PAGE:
(This article is reposted with permission of the author. It was originally published here.)
My guess is that you fall into one of two camps, when it comes to team. You’re either looking for great team members today – or you will be at some point in the future.
It turns out that when it comes to attracting ideal candidates, it doesn’t matter which camp you’re in. There are things that you need to do today so that you can find the right team members when you need them.
The Day I Nearly Quit My Job
Last week I read a job description that was so good, I was tempted to pack in the business and become a Marketing Executive Assistant. OK, clearly I’d fail miserably in that role but that job posting had a profound effect on me. Why? Because it reflected what I think we all need to be doing when it comes to the future of our teams.
Imagine, for a moment, that you need to hire someone for your team. Like most of us, you consider: a job posting site, LinkedIn and emails to friends and family asking if they know anyone. Then you cross your fingers and hope someone brilliant emerges exactly when needed.
Imagine, instead, you need to hire someone and you open a file that includes the names of people who have registered to be notified as soon as there is an opening on your team. You review the submissions and reach out to those who fit, drawing from a pool of highly motivated candidates. These aren’t just people who need a job, these are people who want to work for you.
Getting It Right
The job description that turned my head was on Michael Hyatt’s site. If you’re not familiar with Michael, he’s a leadership expert and positions himself as a virtual mentor. I’ve been a big fan for some time and have used his goal setting program (Best Year Ever) and platform building programs (Platform University). On his site you’ll find a careers page that, in my mind, gets everything right. You can check it out here.
Let’s break down what works and why it’s so important.
1. Create a home base for prospective team members
Hyatt isn’t alone, but is among a relatively small group who have a dedicated page on the site that is designed for prospective team members. The page lives on the site, whether or not there is an opening on the team. It tells the story of the firm and the team. In so doing it not only puts the firm in a positive light, it weeds out those who simply won’t fit with the culture. That page includes:
- An overview of the company and what you do. This section explains your goals for your clients (your ‘why’) and how you you help them reach those goals (your products).
- The story of your company. This personalizes the company and provides both credibility and context.
- Your values. This outlines what you define as your core values. (Read the list of values on Hyatt’s site and you get a clear sense of the culture and working environment.)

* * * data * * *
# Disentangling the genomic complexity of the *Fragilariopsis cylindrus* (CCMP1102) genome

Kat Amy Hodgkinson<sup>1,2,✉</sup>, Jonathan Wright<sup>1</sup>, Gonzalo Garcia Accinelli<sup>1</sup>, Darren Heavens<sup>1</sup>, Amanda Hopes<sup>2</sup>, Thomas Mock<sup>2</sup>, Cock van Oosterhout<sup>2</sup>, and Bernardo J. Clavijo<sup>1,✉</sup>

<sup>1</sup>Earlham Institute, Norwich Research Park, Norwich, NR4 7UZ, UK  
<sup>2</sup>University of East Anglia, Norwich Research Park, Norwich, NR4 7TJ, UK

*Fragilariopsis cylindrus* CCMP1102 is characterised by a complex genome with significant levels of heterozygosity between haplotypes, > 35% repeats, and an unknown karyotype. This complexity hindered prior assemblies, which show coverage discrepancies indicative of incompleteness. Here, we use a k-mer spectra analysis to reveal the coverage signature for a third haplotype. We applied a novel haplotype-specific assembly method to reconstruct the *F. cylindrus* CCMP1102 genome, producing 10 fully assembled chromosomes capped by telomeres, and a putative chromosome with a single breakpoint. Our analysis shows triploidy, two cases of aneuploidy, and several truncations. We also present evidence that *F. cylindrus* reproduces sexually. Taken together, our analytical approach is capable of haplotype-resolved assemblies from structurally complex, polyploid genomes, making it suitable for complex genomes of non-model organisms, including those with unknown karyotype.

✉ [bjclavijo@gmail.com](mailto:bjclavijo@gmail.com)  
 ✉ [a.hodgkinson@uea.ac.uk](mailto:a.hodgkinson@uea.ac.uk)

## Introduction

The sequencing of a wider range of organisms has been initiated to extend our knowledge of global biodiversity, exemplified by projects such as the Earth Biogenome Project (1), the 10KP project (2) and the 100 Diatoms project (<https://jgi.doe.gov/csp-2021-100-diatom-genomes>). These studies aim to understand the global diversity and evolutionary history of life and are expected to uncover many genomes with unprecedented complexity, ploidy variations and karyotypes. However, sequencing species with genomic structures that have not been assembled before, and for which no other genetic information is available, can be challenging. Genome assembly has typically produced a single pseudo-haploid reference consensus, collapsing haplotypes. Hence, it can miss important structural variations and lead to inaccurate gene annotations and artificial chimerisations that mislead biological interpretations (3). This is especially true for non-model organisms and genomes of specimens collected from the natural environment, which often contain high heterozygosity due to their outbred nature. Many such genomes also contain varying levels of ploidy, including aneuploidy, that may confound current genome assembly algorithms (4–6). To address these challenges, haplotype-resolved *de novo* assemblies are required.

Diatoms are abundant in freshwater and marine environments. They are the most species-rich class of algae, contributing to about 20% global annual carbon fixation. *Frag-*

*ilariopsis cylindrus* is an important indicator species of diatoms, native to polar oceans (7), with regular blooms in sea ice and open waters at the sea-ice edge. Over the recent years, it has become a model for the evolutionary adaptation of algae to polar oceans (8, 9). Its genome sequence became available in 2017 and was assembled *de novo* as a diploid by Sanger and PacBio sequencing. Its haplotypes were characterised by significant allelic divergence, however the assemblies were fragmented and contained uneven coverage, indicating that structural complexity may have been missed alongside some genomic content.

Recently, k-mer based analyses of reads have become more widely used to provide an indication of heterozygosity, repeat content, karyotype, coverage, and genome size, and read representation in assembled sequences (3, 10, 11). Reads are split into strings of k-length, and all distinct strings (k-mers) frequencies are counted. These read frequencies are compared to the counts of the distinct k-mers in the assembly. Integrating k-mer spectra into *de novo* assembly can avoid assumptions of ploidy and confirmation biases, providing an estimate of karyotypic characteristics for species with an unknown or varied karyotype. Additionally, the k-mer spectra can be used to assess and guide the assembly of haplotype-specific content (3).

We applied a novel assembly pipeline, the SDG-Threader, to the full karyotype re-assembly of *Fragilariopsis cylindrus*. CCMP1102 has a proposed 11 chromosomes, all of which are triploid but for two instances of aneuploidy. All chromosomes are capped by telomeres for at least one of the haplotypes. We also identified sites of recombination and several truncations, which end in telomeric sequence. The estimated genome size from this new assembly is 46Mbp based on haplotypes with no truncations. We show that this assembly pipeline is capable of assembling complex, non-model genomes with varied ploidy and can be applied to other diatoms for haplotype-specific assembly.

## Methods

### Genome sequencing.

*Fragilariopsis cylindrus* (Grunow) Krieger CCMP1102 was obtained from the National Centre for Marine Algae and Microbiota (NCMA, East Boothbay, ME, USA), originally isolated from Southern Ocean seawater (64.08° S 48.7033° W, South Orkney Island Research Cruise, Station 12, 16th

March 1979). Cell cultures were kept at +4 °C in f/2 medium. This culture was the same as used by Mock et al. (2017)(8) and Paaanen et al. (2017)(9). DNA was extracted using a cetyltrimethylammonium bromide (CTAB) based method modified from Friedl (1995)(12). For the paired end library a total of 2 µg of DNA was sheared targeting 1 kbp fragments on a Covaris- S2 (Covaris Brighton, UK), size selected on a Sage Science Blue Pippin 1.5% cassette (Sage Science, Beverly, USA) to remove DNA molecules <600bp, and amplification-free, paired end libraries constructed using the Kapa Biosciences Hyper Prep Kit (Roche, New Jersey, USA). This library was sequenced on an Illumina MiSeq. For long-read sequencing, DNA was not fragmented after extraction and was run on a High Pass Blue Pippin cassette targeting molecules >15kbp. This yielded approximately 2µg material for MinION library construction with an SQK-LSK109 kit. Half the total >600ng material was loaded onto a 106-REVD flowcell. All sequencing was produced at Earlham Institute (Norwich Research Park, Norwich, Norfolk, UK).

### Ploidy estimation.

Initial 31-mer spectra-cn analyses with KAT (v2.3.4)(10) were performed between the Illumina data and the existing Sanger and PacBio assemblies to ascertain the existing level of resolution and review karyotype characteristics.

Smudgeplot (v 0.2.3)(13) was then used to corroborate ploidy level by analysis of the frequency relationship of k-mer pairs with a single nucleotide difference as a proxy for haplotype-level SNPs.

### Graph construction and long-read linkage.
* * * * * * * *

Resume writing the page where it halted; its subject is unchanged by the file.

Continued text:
2. Communicate the ‘why’ for prospective team members
Hyatt and his team recognize that attracting the right people means that the firm has to sell itself. Great team members have options. As a result, you don’t want to fall into a trap in which you assume the candidate is doing all of the ‘selling’. On his career page, Hyatt lists the top five reasons someone might want to join his team.
3. Create a pool of qualified candidates
When I linked to Hyatt’s career page, there was a role open for a marketing assistant but I’m quite sure this isn’t always the case. But that doesn’t matter because the page is like a magnet for the right team members. It includes a form to enter your name and email to be alerted when new roles are open. In essence, Hyatt is creating a pool of candidates who have actively expressed an interest in working for the company. More important, they probably made their way to that page because they were on the site and interested in the content, not simply because they saw a job posting.
4. Market new positions
So you’ve set things up to appeal to the right candidates and created an opportunity for them to self-select, irrespective of the role. Now it’s all about the actual job description. You can link to the description below as I assume the job will be filled quickly and the link may not be live on the site itself.
Job Description Example
The description itself is well written and includes everything that might be important. To some extent, this is the most traditional part of the process, and necessarily so because you need to get granular about expectations. However, you may want to follow Hyatt’s lead and make some requests of applicants. In this example you’ll see requests for:
- The completion of a 25-minute work assessment, which evaluates problem solving abilities (using the Wonscore Assessment from Wonderlic.)
- A copy of the applicant’s resume
- Three personal and professional references
- Completion of the StrengthsFinder Assessment. There is a $15 cost to complete the core assessment.
- Results of Kolbe A Index test (optional). There is a cost of $49.95 to complete the assessment.
The requests for additional information make something very clear. The firm has done what it can to provide the candidate with all the information they will need to know if the job is right for them. Now the candidate has to do some work to ensure that they are a good fit before you evaluate the resume. That seems fair and weeds out those who aren’t willing to put in that effort.
In a recent post, Michael Kitces wrote about the value of a great team member, comparing it to the value of a key client. There’s no doubt in my mind that finding those great team members will be the difference between good and great. However, we need to get intentional and proactive about how we go about getting on the radar of the most talented people out there. And that means executing a ‘push strategy’ to market ourselves instead of hoping those people will find us when the time is right.